TONY BIRKHOLTZ is furious at Operation Phakisa for permitting fleets of Chinese fishing vessels to exploit our coastal waters, and thinks you should be too. Here’s why:
Even while fish numbers continue to plummet world-wide, Operation Phakisa is growing the fishing industry in southern Africa’s oceans. Mozambique has now permitted fleets of Chinese fishing vessels to exploit its coastal waters and conservationists fear the impact of overfishing and our government’s inability to control fishing regulations.
The amount of fish in the oceans has plunged to the “brink of collapse” due to over-fishing and other threats, according to the WWF conservation group. Populations of fish stocks, including tuna, mackerel and bonito, has fallen by almost 75%, according to a study by the WWF and the Zoological Society of London (ZSL) which tracked 5 829 populations of 1 234 species, such as seals, turtles, dolphins and sharks.
“The report suggests billions of animals have been lost from the oceans in my lifetime alone,” said Ken Norris, director of science at the ZSL. “This is a … dangerous legacy to leave to our grandchildren.”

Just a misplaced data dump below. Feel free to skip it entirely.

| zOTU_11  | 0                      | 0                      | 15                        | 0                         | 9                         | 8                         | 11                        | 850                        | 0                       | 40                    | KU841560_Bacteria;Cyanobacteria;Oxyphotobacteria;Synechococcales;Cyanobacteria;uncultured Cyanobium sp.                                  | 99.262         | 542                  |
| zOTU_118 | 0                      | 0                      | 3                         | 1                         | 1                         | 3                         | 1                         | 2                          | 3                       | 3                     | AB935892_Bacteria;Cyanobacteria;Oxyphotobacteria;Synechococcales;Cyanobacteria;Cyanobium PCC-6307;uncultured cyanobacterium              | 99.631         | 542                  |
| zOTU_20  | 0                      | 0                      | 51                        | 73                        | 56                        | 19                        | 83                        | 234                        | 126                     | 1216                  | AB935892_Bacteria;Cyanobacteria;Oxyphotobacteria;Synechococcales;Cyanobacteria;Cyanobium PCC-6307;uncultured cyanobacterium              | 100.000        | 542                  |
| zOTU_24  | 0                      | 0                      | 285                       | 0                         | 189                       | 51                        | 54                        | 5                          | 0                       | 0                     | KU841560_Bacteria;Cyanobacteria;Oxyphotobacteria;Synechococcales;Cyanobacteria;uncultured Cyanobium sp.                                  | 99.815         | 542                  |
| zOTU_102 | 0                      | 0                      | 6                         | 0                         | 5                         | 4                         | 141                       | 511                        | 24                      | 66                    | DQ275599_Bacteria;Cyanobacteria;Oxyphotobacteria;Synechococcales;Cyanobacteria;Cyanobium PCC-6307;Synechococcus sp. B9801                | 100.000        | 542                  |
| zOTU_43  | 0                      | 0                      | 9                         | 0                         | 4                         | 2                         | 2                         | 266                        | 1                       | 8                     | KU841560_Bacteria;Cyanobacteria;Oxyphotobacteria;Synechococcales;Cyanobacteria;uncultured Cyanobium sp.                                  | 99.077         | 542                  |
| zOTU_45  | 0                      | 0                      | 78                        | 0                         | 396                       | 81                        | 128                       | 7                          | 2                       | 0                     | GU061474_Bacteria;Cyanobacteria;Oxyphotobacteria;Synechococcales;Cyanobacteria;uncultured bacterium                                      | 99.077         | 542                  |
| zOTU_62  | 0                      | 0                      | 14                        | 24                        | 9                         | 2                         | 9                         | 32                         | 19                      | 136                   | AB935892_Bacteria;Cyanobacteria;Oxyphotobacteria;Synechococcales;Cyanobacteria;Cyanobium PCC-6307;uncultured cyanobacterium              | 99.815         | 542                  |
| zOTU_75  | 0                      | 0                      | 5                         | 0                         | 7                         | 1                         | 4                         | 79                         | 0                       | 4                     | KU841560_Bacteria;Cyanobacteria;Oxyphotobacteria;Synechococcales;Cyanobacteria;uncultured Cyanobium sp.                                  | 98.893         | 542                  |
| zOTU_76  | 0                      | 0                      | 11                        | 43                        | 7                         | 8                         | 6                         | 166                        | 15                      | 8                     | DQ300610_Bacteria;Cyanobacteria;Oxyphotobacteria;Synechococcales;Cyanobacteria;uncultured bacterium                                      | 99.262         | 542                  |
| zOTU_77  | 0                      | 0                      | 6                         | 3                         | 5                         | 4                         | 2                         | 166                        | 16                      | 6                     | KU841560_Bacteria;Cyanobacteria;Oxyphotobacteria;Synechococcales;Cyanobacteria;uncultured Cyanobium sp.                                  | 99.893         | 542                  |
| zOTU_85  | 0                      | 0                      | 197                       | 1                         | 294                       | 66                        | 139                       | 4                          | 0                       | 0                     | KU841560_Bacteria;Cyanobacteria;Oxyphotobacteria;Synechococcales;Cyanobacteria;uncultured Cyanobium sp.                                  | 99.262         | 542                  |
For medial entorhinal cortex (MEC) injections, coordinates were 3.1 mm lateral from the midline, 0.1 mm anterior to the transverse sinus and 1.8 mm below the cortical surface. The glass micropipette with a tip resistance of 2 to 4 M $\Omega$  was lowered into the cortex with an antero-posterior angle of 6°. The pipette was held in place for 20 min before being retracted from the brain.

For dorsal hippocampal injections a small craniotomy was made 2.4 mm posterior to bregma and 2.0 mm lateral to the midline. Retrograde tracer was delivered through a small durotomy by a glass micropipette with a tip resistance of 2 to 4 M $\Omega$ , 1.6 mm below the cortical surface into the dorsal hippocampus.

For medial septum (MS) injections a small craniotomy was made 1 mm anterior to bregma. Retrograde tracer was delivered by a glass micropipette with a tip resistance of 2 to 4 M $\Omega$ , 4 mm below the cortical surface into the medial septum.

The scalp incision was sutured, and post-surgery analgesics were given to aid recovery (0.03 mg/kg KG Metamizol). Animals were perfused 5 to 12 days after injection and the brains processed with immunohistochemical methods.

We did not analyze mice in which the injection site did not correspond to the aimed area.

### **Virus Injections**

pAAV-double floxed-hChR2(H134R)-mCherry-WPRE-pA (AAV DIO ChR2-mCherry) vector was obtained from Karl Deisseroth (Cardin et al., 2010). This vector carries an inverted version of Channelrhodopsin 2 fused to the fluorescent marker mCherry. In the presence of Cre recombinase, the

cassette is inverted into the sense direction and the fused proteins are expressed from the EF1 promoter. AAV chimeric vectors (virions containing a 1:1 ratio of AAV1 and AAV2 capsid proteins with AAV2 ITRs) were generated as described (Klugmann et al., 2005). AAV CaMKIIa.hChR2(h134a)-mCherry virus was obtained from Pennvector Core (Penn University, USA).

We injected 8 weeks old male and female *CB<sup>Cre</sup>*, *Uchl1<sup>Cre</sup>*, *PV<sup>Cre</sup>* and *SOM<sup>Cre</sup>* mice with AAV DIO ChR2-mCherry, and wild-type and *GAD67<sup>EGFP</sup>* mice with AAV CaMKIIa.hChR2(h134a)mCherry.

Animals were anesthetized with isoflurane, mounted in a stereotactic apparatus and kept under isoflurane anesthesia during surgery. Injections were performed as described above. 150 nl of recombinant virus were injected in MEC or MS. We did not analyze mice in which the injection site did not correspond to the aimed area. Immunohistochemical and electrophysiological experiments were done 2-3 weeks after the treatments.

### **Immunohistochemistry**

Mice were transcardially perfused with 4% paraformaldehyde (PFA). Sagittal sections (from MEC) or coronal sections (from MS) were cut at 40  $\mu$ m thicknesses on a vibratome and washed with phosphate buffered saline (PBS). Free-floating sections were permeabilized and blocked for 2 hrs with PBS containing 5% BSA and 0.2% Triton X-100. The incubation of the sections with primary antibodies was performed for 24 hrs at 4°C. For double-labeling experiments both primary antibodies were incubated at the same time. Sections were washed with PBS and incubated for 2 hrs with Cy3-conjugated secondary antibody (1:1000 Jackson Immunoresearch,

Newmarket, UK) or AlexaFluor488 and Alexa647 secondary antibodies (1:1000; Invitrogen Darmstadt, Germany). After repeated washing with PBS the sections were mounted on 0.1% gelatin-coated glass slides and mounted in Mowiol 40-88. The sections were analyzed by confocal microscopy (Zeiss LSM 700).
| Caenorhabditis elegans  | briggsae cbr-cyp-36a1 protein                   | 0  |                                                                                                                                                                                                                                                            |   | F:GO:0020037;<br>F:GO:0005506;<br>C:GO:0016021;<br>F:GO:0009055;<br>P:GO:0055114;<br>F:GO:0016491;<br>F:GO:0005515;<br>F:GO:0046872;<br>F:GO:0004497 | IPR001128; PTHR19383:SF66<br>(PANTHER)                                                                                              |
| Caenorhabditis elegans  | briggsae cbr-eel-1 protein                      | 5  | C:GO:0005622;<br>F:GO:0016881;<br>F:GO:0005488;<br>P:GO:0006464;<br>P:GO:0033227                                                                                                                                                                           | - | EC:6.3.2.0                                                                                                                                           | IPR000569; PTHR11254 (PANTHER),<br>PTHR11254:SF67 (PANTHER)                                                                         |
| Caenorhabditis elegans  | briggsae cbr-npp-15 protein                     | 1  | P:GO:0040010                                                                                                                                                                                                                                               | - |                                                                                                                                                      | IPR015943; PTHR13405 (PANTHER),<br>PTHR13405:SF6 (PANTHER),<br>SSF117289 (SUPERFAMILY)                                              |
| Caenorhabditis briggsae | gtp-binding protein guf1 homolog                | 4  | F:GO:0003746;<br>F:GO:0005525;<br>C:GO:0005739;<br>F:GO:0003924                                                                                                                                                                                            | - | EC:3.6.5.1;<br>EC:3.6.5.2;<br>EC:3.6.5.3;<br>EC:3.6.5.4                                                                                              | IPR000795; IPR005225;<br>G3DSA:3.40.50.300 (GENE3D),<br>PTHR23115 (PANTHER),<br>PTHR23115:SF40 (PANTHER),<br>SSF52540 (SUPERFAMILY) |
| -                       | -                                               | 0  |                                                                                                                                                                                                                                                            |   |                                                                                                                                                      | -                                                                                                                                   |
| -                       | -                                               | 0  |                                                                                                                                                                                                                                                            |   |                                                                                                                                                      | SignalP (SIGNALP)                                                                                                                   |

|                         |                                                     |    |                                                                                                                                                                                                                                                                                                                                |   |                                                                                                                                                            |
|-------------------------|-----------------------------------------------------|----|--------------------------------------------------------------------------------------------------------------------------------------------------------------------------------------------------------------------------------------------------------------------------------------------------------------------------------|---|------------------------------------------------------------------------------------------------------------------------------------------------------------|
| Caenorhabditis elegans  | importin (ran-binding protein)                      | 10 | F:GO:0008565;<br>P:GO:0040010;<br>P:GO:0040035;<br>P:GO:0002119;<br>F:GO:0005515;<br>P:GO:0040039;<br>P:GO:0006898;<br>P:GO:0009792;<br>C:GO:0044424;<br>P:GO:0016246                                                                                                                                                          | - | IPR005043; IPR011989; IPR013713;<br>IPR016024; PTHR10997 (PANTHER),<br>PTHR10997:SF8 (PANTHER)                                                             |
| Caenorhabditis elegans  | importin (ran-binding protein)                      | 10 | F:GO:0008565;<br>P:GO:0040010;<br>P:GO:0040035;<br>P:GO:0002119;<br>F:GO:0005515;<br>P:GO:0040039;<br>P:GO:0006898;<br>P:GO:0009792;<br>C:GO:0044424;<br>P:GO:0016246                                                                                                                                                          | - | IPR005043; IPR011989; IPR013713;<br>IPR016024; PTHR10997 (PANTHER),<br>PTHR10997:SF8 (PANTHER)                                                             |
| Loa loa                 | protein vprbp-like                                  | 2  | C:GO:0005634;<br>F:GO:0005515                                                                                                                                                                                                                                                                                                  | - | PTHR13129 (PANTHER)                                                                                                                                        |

World marine fish catches dipped to 79.7 million tonnes in 2012 from 82.6 million in 2011, according to the UN’s Food and Agriculture Organisation.
South Africa is mainstreaming its Operation Phakisa that aims to ‘unlock the economic potential’ of our oceans. “South Africa is uniquely bordered by the ocean east, south and west. With the inclusion of Prince Edward and Marion Islands, the coastline is approximately 3 924km long,” former President Jacob Zuma told delegates at the launch of the initiative.
Late last year, China’s fishing industry celebrated the landing at a port in Shenzhen of its first haul of seafood caught off Mozambique.
The return to port of six vessels owned by the Yu Yi Industry Co. – carrying 359 tons of crustaceans and fish – was marked with a major ceremony overseen by corporate executives and Communist Party officials. Yu Yi Chairman Zhang Zhiming said China’s fishing effort was best expended abroad. “Offshore fishing resources are falling,” Zhang said. “Now is the time for us to expand. ”
Isn’t it time we pressured the Mozambican and South African governments to preserve what’s left of one of our most precious resources?